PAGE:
- When you get home after a hike, examine your skin carefully for ticks. The sooner the animals are removed from the body, the less likely they are to transmit disease. Pay special attention to hidden areas of the body such as the armpit and the back of the knee, which is where ticks often settle.
How to Properly Remove a Tick
Removing Ticks From the Skin
If you do discover a tick attached to your skin, a pair of fine-tipped tweezers is the best tool for removing it. It's a good idea to carry the tweezers in a portable first aid kit while hiking or walking in rural areas. Fine-tipped tweezers should also be available at home, since ticks are sometimes found in gardens. The University of Manitoba video above demonstrates the proper technique for tick removal. Once the tick has been removed, the skin should be disinfected with alcohol and the area monitored.
Tick bites don't necessarily lead to disease. However, pathogens (microbes that cause disease) sometimes pass from the tick's mouth into the bite site. If unusual or unpleasant symptoms develop at the site of a tick bite or elsewhere in the body soon after the bite, a doctor should be consulted. In addition, if you develop an apparent allergy to red meat (or another food) after previously being able to eat the food, a doctor should be consulted for a diagnosis and treatment recommendations.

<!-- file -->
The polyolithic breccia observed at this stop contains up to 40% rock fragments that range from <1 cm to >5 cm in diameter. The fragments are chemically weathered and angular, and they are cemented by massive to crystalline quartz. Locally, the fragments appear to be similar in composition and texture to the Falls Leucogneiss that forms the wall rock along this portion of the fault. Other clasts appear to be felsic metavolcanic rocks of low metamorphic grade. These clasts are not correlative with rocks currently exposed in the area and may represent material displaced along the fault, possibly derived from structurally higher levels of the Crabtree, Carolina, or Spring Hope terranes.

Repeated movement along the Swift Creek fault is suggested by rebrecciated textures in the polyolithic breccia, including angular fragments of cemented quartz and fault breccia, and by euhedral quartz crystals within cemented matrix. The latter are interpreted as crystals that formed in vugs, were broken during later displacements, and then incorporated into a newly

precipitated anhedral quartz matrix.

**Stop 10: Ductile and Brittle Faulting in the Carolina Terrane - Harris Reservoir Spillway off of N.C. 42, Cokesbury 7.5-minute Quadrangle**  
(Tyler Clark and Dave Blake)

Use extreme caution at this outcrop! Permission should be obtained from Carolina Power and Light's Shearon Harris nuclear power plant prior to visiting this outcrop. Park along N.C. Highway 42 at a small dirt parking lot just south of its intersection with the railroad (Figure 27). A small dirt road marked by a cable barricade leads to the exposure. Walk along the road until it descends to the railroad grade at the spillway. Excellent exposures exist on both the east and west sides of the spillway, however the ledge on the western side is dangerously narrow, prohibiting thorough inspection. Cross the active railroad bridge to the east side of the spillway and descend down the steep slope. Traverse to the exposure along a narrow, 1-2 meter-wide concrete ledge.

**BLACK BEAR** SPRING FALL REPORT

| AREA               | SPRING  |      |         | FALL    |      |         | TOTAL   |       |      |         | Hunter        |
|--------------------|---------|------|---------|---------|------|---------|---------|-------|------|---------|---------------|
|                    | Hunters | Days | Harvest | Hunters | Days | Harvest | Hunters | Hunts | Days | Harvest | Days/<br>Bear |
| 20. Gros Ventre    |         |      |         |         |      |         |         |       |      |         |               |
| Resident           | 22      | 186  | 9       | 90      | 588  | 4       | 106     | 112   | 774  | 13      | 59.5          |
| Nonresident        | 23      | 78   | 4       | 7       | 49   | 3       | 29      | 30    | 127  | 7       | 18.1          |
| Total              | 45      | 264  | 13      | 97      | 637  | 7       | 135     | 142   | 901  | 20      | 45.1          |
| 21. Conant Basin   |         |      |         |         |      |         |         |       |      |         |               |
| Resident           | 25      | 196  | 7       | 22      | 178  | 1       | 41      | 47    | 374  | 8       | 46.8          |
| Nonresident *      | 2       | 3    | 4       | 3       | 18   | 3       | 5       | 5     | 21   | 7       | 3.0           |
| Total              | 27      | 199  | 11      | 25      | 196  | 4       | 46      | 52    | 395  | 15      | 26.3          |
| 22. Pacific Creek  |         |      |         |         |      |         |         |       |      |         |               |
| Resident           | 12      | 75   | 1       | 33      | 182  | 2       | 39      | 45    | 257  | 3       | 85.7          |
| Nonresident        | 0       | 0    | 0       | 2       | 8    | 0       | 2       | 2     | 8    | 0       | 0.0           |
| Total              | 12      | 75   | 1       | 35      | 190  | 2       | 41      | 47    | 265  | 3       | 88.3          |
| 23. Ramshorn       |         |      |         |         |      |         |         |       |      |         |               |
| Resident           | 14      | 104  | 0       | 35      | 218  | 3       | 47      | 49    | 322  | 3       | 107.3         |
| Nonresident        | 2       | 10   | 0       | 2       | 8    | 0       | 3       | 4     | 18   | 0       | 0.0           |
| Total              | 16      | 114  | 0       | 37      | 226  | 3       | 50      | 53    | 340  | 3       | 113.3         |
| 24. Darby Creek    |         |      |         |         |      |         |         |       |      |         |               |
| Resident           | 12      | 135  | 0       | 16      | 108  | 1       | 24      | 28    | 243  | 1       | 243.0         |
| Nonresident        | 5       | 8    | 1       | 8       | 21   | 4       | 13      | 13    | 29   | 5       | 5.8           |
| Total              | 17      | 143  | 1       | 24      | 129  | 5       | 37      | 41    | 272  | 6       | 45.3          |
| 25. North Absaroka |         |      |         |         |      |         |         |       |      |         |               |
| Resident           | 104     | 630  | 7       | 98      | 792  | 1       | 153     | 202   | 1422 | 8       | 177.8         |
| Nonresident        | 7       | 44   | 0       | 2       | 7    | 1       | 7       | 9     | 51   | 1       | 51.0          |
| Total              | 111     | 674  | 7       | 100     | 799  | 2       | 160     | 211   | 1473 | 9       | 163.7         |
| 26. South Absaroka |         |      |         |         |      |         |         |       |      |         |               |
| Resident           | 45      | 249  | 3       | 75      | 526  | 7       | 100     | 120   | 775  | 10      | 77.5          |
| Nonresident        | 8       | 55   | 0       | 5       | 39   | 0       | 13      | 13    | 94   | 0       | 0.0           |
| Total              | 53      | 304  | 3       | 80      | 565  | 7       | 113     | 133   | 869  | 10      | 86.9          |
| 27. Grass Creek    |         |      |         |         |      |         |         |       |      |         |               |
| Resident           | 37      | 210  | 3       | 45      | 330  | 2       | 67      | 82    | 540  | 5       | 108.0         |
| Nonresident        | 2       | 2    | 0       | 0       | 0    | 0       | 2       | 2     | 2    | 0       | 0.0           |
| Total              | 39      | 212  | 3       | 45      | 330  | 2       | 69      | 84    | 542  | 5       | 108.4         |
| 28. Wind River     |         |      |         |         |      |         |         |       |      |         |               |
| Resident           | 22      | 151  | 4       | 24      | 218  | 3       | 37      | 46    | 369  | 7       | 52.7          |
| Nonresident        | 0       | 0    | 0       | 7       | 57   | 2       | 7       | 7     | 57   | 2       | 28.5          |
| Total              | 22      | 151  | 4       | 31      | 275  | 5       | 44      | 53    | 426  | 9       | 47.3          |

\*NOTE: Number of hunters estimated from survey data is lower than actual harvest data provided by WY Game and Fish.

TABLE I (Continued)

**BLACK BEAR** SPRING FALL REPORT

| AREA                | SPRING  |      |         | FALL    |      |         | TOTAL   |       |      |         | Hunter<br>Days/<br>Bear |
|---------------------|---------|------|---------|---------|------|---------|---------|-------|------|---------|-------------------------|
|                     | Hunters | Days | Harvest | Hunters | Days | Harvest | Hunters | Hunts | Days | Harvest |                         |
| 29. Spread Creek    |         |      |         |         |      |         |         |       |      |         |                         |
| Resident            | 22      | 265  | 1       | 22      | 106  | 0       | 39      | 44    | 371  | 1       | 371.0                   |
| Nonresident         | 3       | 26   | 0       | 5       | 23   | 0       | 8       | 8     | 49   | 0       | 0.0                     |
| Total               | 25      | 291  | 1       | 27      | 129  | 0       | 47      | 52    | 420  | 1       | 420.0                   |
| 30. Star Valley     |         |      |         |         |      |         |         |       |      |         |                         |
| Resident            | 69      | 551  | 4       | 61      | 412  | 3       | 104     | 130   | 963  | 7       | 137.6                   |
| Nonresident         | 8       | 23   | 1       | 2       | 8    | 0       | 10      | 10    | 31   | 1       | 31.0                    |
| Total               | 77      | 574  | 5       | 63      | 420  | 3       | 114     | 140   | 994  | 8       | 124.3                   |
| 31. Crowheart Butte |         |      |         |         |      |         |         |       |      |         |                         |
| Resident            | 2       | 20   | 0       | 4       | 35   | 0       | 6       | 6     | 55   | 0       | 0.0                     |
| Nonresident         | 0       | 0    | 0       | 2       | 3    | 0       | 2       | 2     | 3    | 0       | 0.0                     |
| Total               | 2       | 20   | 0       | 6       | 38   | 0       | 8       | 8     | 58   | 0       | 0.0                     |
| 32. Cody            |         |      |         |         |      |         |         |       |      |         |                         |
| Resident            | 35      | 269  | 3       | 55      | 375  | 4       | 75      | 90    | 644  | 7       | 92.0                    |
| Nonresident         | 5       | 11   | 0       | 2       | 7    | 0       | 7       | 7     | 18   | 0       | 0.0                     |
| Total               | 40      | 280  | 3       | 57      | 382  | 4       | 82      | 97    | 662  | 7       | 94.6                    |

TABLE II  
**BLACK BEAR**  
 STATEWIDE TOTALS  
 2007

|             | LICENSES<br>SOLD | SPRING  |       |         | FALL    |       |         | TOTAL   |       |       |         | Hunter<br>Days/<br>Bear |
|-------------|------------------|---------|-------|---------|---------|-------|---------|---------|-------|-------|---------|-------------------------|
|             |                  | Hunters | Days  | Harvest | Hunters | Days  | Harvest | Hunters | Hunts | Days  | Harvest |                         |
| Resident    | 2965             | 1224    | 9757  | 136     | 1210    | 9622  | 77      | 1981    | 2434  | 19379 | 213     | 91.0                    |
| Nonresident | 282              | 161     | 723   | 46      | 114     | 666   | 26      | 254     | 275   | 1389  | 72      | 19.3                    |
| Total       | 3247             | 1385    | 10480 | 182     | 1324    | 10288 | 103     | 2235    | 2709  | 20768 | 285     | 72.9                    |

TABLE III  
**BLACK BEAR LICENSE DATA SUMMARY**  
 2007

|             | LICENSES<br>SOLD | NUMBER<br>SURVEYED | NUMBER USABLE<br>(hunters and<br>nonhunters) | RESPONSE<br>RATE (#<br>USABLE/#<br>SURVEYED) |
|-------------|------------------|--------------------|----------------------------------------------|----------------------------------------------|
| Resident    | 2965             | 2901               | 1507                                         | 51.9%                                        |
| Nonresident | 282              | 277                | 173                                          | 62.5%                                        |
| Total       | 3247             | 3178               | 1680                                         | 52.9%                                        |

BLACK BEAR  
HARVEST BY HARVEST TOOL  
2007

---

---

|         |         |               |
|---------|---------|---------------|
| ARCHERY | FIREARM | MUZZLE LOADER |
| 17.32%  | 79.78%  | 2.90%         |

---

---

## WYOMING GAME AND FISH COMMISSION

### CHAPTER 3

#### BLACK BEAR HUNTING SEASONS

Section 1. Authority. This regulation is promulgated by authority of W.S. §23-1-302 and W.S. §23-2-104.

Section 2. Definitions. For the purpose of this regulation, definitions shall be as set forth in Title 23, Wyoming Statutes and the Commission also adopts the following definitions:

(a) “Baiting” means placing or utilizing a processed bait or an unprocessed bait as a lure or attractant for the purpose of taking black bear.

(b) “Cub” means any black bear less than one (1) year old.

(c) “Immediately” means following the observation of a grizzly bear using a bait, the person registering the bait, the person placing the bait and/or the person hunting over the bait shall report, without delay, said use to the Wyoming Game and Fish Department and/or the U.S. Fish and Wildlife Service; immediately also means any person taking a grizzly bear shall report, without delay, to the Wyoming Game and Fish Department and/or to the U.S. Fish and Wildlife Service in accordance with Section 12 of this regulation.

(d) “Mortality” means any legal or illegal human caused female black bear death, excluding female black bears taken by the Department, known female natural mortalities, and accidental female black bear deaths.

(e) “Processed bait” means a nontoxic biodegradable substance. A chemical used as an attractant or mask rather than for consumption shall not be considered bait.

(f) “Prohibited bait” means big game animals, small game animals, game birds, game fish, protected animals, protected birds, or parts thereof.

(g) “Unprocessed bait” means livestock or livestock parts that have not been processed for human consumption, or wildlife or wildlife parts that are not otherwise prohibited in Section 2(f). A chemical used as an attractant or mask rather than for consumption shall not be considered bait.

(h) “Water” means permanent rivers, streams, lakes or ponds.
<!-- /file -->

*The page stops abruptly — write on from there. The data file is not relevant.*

- Gibbens, Sarah. "A Tick Bite Could Make You Allergic to Meat—and It's Spreading." National Geographic. http://news.nationalgeographic.com/2017/06/tick-bite-meat-allergy-spreading-spd/ (accessed August 15, 2017).
- Smith, Tavia. "Allergists say alpha-gal red meat allergy better understood, as numbers continue to increase." Vanderbilt University Medical Center. https://news.vanderbilt.edu/2016/12/21/allergists-say-alpha-gal-red-meat-allergy-better-understood-as-numbers-continue-to-increase/ (accessed August 15, 2017).
- "Ticks." Centers for Disease Control and Prevention. https://www.cdc.gov/ticks/index.html (accessed August 15, 2017).
- Cuttler, Marcy. "Aggressive tick whose bite makes people allergic to meat is arriving in Canada." Canadian Broadcasting Corporation. http://www.cbc.ca/news/health/lone-star-tick-allergy-1.4215708 (accessed August 15, 2017).
This content is accurate and true to the best of the author’s knowledge and does not substitute for diagnosis, prognosis, treatment, prescription, and/or dietary advice from a licensed health professional. Drugs, supplements, and natural remedies may have dangerous side effects. If pregnant or nursing, consult with a qualified provider on an individual basis. Seek immediate help if you are experiencing a medical emergency.
Questions & Answers
© 2014 Linda Crampton